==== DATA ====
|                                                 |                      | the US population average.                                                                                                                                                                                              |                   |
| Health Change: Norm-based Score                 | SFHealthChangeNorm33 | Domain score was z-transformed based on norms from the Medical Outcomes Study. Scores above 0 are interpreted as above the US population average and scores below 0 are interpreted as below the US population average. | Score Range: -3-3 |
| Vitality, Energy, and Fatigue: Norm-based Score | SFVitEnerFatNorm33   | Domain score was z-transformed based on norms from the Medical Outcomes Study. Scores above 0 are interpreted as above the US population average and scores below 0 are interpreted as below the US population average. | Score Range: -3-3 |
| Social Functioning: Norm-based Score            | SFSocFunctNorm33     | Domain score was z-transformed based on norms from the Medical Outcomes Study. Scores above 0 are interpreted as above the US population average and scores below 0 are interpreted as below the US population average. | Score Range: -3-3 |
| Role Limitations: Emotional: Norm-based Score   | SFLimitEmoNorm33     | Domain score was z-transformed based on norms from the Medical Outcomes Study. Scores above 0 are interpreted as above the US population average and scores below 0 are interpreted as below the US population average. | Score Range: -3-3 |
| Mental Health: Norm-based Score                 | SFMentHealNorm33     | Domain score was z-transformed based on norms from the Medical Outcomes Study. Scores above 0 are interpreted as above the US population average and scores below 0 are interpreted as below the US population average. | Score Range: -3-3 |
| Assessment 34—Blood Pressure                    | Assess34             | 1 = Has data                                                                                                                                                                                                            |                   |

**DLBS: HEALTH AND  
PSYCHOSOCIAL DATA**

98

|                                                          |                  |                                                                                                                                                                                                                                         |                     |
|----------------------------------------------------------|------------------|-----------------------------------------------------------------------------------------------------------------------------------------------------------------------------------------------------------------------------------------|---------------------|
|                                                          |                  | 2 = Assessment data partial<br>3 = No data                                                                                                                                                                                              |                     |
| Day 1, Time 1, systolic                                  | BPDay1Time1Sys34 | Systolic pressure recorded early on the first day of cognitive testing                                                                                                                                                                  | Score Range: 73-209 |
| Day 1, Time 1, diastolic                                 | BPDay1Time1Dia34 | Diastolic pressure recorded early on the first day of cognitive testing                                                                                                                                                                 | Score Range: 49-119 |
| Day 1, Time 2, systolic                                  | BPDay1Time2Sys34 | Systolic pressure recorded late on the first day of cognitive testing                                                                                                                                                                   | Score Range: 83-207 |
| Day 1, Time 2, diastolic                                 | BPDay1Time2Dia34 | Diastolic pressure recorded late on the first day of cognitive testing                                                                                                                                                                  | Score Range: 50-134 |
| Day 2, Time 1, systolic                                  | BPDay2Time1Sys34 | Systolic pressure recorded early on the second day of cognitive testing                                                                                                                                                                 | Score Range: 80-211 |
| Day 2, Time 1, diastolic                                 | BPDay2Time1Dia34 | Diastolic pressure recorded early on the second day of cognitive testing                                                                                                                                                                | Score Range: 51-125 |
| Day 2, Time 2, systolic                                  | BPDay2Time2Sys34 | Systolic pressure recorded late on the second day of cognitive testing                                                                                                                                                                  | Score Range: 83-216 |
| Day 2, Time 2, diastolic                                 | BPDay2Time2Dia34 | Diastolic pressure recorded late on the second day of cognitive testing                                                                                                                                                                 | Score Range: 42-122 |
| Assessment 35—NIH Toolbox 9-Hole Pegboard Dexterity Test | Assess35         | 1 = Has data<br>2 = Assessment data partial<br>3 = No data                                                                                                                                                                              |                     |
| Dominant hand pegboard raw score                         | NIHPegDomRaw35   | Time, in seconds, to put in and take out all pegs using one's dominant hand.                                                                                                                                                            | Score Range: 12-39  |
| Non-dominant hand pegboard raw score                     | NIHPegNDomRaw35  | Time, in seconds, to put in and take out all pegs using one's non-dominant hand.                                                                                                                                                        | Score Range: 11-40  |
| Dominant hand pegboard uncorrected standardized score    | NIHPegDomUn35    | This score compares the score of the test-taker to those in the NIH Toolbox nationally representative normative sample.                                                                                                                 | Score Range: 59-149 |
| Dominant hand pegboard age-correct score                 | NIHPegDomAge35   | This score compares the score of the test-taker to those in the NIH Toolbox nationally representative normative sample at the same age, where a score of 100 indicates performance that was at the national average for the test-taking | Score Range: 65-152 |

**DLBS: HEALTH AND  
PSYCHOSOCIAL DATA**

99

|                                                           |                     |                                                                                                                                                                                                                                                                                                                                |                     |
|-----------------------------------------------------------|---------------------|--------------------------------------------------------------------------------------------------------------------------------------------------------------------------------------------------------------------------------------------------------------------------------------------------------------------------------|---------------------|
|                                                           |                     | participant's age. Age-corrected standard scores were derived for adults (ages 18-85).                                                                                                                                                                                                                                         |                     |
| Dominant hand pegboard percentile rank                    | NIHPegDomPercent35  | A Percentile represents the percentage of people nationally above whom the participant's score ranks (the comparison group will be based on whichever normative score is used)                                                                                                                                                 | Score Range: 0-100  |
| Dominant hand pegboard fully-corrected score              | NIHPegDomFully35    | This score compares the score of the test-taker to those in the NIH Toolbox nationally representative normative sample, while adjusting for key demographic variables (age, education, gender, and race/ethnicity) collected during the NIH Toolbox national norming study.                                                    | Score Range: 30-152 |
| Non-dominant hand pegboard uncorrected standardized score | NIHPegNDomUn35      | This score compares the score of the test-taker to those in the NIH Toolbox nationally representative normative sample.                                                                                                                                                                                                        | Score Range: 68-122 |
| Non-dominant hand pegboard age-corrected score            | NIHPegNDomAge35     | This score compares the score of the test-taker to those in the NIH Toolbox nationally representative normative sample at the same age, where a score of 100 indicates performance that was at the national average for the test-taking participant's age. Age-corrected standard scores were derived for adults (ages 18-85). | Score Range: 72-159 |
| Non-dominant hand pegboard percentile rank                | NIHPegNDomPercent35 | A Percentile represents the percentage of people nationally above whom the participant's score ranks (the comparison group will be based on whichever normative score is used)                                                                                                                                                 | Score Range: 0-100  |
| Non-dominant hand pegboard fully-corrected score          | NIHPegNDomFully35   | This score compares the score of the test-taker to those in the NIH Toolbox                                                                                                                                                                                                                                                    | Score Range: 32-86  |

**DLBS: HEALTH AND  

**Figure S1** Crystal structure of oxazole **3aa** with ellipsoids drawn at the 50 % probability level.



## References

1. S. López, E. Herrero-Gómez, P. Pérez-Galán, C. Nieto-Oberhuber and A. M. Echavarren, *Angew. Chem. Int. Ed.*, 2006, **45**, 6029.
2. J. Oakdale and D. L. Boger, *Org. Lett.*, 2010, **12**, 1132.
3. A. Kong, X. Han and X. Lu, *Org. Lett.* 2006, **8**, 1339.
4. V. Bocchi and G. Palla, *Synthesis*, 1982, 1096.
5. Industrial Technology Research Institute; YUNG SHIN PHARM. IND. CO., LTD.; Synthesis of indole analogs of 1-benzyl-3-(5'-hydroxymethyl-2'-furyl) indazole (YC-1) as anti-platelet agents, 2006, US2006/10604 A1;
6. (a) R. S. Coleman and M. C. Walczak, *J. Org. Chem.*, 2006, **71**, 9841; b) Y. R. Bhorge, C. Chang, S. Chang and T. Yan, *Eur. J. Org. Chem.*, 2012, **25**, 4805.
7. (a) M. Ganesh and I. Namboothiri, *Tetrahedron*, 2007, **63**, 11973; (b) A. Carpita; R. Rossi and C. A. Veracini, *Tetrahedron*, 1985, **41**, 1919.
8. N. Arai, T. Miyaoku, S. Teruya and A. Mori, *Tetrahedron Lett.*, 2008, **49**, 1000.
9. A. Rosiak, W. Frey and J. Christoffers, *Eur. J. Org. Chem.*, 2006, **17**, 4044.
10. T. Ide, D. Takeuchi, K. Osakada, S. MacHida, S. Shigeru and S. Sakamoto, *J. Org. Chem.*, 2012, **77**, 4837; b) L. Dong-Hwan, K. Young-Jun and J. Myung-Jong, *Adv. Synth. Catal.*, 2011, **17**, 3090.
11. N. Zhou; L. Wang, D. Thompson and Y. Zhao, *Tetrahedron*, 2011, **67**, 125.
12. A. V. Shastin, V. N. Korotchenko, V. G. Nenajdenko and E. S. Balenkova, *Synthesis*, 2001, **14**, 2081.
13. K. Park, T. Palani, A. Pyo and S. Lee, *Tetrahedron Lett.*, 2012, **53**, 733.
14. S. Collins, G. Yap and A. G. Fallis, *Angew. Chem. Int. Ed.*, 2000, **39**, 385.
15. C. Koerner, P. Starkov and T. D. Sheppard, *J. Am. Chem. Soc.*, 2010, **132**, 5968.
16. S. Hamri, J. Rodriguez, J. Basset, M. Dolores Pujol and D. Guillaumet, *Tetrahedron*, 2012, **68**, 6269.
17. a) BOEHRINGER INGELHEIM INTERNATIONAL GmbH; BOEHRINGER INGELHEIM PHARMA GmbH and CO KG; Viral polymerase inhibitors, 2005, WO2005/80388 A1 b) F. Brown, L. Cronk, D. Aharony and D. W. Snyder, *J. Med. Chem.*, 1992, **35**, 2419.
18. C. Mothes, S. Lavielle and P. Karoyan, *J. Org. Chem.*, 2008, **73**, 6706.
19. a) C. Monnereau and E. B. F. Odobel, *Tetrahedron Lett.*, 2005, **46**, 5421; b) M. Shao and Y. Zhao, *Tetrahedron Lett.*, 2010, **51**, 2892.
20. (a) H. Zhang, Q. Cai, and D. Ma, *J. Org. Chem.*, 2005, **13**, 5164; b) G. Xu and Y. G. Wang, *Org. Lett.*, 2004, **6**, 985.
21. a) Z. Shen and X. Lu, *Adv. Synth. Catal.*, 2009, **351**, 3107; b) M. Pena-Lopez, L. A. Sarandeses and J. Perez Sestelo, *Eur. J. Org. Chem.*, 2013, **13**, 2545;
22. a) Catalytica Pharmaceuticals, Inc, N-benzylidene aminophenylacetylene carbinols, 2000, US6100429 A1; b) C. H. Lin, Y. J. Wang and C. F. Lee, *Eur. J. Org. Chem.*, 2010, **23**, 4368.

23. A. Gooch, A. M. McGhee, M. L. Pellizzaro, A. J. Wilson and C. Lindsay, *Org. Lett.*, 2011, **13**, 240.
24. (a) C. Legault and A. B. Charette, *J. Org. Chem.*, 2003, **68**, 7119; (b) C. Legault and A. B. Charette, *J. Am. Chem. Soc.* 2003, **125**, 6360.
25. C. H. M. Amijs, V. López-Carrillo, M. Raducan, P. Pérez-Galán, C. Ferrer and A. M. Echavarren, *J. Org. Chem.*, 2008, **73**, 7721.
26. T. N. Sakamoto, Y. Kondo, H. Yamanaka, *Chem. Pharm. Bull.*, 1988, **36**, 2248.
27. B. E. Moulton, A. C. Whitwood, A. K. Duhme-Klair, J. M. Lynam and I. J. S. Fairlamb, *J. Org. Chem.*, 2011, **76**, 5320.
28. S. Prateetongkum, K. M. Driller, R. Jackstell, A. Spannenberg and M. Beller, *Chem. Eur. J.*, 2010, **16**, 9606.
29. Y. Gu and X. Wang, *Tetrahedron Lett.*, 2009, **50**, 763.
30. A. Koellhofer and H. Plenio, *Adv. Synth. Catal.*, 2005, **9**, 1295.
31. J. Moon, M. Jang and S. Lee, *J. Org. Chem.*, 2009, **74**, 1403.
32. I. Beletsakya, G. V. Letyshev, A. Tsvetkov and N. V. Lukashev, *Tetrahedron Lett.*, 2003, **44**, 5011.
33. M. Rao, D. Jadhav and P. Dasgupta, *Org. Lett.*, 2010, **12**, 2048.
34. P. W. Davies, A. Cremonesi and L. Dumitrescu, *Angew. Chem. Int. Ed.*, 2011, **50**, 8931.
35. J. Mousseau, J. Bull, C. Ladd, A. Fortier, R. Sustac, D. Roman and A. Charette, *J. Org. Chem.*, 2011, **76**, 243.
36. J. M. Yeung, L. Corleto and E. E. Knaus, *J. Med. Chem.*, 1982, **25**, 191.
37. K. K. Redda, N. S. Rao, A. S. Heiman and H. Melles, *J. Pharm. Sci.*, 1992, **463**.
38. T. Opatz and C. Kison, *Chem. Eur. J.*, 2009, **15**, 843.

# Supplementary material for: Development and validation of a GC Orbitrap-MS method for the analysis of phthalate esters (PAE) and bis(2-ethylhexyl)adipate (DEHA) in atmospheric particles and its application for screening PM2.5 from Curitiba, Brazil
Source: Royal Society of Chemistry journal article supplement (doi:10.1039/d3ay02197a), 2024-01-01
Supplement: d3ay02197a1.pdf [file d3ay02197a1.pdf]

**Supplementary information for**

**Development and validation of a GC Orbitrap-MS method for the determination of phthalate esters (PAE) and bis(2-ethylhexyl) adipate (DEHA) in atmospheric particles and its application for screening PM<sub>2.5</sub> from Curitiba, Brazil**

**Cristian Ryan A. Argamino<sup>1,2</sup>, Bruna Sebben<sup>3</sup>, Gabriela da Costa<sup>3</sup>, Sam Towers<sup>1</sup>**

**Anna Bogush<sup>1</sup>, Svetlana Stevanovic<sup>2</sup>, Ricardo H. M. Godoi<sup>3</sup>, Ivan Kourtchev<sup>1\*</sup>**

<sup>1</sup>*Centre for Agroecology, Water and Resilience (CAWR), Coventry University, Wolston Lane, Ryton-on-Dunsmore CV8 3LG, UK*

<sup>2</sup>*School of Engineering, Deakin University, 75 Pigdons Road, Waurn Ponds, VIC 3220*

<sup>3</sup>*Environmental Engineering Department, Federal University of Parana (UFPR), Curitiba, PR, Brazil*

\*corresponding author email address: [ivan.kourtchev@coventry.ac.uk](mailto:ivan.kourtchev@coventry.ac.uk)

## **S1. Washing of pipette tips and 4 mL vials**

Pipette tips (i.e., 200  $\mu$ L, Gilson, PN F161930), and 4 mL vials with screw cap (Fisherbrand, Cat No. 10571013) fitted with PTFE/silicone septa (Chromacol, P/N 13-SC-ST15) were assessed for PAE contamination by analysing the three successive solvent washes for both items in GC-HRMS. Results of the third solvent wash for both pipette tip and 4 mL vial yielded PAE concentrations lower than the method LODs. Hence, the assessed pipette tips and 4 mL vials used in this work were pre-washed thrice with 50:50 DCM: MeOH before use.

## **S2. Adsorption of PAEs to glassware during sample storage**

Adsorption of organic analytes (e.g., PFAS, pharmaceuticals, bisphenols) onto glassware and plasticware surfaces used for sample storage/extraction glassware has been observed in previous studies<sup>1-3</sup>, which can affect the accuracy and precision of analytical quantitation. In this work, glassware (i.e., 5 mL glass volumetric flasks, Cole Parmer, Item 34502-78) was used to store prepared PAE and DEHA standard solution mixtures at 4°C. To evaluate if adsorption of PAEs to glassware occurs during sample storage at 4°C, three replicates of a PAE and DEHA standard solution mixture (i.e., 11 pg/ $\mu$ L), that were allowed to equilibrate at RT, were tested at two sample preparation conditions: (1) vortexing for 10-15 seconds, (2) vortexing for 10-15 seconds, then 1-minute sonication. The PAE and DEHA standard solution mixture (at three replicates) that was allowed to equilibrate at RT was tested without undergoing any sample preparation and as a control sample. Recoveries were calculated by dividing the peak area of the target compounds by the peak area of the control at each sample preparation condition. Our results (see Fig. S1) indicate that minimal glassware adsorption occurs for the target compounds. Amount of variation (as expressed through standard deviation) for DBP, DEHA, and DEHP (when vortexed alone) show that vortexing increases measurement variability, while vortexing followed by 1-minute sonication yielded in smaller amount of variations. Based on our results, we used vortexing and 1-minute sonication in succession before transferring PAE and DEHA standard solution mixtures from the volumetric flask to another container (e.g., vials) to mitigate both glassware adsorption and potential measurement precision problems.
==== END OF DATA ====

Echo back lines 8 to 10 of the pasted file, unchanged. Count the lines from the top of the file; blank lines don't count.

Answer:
**DLBS: HEALTH AND  
PSYCHOSOCIAL DATA**

98